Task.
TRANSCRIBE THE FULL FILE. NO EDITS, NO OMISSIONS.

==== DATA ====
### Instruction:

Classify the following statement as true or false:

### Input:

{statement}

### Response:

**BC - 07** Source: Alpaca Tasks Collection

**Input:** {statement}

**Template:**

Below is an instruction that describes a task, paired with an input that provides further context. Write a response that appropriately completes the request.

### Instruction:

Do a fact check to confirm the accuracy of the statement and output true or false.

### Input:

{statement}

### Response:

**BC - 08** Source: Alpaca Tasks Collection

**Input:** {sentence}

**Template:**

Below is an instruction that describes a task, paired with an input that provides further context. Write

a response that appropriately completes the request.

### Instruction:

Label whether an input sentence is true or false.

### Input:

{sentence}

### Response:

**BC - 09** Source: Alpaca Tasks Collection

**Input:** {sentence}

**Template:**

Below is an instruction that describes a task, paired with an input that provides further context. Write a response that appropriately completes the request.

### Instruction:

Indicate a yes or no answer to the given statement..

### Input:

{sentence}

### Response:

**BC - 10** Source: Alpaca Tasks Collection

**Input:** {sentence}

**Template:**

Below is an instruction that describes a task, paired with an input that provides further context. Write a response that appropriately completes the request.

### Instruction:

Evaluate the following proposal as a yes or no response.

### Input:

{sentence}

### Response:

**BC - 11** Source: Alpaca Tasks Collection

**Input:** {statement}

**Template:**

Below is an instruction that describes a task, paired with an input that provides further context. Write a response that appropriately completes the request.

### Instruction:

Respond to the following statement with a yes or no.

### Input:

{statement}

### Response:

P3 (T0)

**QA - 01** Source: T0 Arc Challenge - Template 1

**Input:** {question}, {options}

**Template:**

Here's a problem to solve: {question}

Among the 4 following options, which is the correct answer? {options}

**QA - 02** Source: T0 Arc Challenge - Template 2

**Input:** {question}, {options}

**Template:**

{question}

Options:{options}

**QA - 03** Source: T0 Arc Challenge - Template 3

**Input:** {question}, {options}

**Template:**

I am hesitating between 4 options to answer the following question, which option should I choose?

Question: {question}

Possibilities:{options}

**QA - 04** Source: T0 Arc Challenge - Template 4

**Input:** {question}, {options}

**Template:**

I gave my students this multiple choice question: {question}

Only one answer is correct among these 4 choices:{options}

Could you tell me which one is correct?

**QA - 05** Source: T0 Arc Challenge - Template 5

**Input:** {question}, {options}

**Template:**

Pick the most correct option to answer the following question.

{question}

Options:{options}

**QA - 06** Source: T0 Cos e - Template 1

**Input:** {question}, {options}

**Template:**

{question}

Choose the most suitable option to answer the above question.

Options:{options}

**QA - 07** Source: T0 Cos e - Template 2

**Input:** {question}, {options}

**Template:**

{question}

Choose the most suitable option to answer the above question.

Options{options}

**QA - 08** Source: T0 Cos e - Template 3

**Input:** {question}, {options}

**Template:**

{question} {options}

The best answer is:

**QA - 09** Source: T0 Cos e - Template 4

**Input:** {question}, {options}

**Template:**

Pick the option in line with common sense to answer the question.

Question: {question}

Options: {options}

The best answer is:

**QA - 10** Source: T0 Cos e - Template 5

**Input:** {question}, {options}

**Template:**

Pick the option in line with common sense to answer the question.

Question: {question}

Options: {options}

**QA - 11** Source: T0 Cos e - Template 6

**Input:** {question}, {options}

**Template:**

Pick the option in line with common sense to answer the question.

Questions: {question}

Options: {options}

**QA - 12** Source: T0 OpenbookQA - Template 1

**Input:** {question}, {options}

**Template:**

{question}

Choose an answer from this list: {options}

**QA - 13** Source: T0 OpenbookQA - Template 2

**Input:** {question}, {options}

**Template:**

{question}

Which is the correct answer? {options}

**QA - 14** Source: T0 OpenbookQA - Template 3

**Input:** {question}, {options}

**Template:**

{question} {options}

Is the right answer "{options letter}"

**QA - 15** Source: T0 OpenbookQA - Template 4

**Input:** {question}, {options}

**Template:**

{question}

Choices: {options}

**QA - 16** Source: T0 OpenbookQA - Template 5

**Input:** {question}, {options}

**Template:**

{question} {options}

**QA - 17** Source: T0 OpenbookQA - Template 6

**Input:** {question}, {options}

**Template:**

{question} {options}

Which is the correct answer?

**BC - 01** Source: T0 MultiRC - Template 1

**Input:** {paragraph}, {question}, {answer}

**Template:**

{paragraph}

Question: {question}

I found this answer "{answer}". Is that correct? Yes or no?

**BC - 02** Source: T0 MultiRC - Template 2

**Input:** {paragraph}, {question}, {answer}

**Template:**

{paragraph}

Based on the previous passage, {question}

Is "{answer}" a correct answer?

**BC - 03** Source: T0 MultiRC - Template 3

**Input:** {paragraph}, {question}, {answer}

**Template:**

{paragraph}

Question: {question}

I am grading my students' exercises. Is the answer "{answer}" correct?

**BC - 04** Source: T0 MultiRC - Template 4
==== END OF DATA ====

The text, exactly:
### Instruction:

Classify the following statement as true or false:

### Input:

{statement}

### Response:

**BC - 07** Source: Alpaca Tasks Collection

**Input:** {statement}

**Template:**

Below is an instruction that describes a task, paired with an input that provides further context. Write a response that appropriately completes the request.

### Instruction:

Do a fact check to confirm the accuracy of the statement and output true or false.

### Input:

{statement}

### Response:

**BC - 08** Source: Alpaca Tasks Collection

**Input:** {sentence}

**Template:**

Below is an instruction that describes a task, paired with an input that provides further context. Write

a response that appropriately completes the request.

### Instruction:

Label whether an input sentence is true or false.

### Input:

{sentence}

### Response:

**BC - 09** Source: Alpaca Tasks Collection

**Input:** {sentence}

**Template:**

Below is an instruction that describes a task, paired with an input that provides further context. Write a response that appropriately completes the request.

### Instruction:

Indicate a yes or no answer to the given statement..

### Input:

{sentence}

### Response:

**BC - 10** Source: Alpaca Tasks Collection

**Input:** {sentence}

**Template:**

Below is an instruction that describes a task, paired with an input that provides further context. Write a response that appropriately completes the request.

### Instruction:

Evaluate the following proposal as a yes or no response.

### Input:

{sentence}

### Response:

**BC - 11** Source: Alpaca Tasks Collection

**Input:** {statement}

**Template:**

Below is an instruction that describes a task, paired with an input that provides further context. Write a response that appropriately completes the request.

### Instruction:

Respond to the following statement with a yes or no.

### Input:

{statement}

### Response:

P3 (T0)

**QA - 01** Source: T0 Arc Challenge - Template 1

**Input:** {question}, {options}

**Template:**

Here's a problem to solve: {question}

Among the 4 following options, which is the correct answer? {options}

**QA - 02** Source: T0 Arc Challenge - Template 2

**Input:** {question}, {options}

**Template:**

{question}

Options:{options}

**QA - 03** Source: T0 Arc Challenge - Template 3

**Input:** {question}, {options}

**Template:**

I am hesitating between 4 options to answer the following question, which option should I choose?

Question: {question}

Possibilities:{options}

**QA - 04** Source: T0 Arc Challenge - Template 4

**Input:** {question}, {options}

**Template:**

I gave my students this multiple choice question: {question}

Only one answer is correct among these 4 choices:{options}

Could you tell me which one is correct?

**QA - 05** Source: T0 Arc Challenge - Template 5

**Input:** {question}, {options}

**Template:**

Pick the most correct option to answer the following question.

{question}

Options:{options}

**QA - 06** Source: T0 Cos e - Template 1

**Input:** {question}, {options}

**Template:**

{question}

Choose the most suitable option to answer the above question.

Options:{options}

**QA - 07** Source: T0 Cos e - Template 2

**Input:** {question}, {options}

**Template:**

{question}

Choose the most suitable option to answer the above question.

Options{options}

**QA - 08** Source: T0 Cos e - Template 3

**Input:** {question}, {options}

**Template:**

{question} {options}

The best answer is:

**QA - 09** Source: T0 Cos e - Template 4

**Input:** {question}, {options}

**Template:**

Pick the option in line with common sense to answer the question.

Question: {question}

Options: {options}

The best answer is:

**QA - 10** Source: T0 Cos e - Template 5

**Input:** {question}, {options}

**Template:**

Pick the option in line with common sense to answer the question.

Question: {question}

Options: {options}

**QA - 11** Source: T0 Cos e - Template 6

**Input:** {question}, {options}

**Template:**

Pick the option in line with common sense to answer the question.

Questions: {question}

Options: {options}

**QA - 12** Source: T0 OpenbookQA - Template 1

**Input:** {question}, {options}

**Template:**

{question}

Choose an answer from this list: {options}

**QA - 13** Source: T0 OpenbookQA - Template 2

**Input:** {question}, {options}

**Template:**

{question}

Which is the correct answer? {options}

**QA - 14** Source: T0 OpenbookQA - Template 3

**Input:** {question}, {options}

**Template:**

{question} {options}

Is the right answer "{options letter}"

**QA - 15** Source: T0 OpenbookQA - Template 4

**Input:** {question}, {options}

**Template:**

{question}

Choices: {options}

**QA - 16** Source: T0 OpenbookQA - Template 5

**Input:** {question}, {options}

**Template:**

{question} {options}

**QA - 17** Source: T0 OpenbookQA - Template 6

**Input:** {question}, {options}

**Template:**

{question} {options}

Which is the correct answer?

**BC - 01** Source: T0 MultiRC - Template 1

**Input:** {paragraph}, {question}, {answer}

**Template:**

{paragraph}

Question: {question}

I found this answer "{answer}". Is that correct? Yes or no?

**BC - 02** Source: T0 MultiRC - Template 2

**Input:** {paragraph}, {question}, {answer}

**Template:**

{paragraph}

Based on the previous passage, {question}

Is "{answer}" a correct answer?

**BC - 03** Source: T0 MultiRC - Template 3

**Input:** {paragraph}, {question}, {answer}

**Template:**

{paragraph}

Question: {question}

I am grading my students' exercises. Is the answer "{answer}" correct?

**BC - 04** Source: T0 MultiRC - Template 4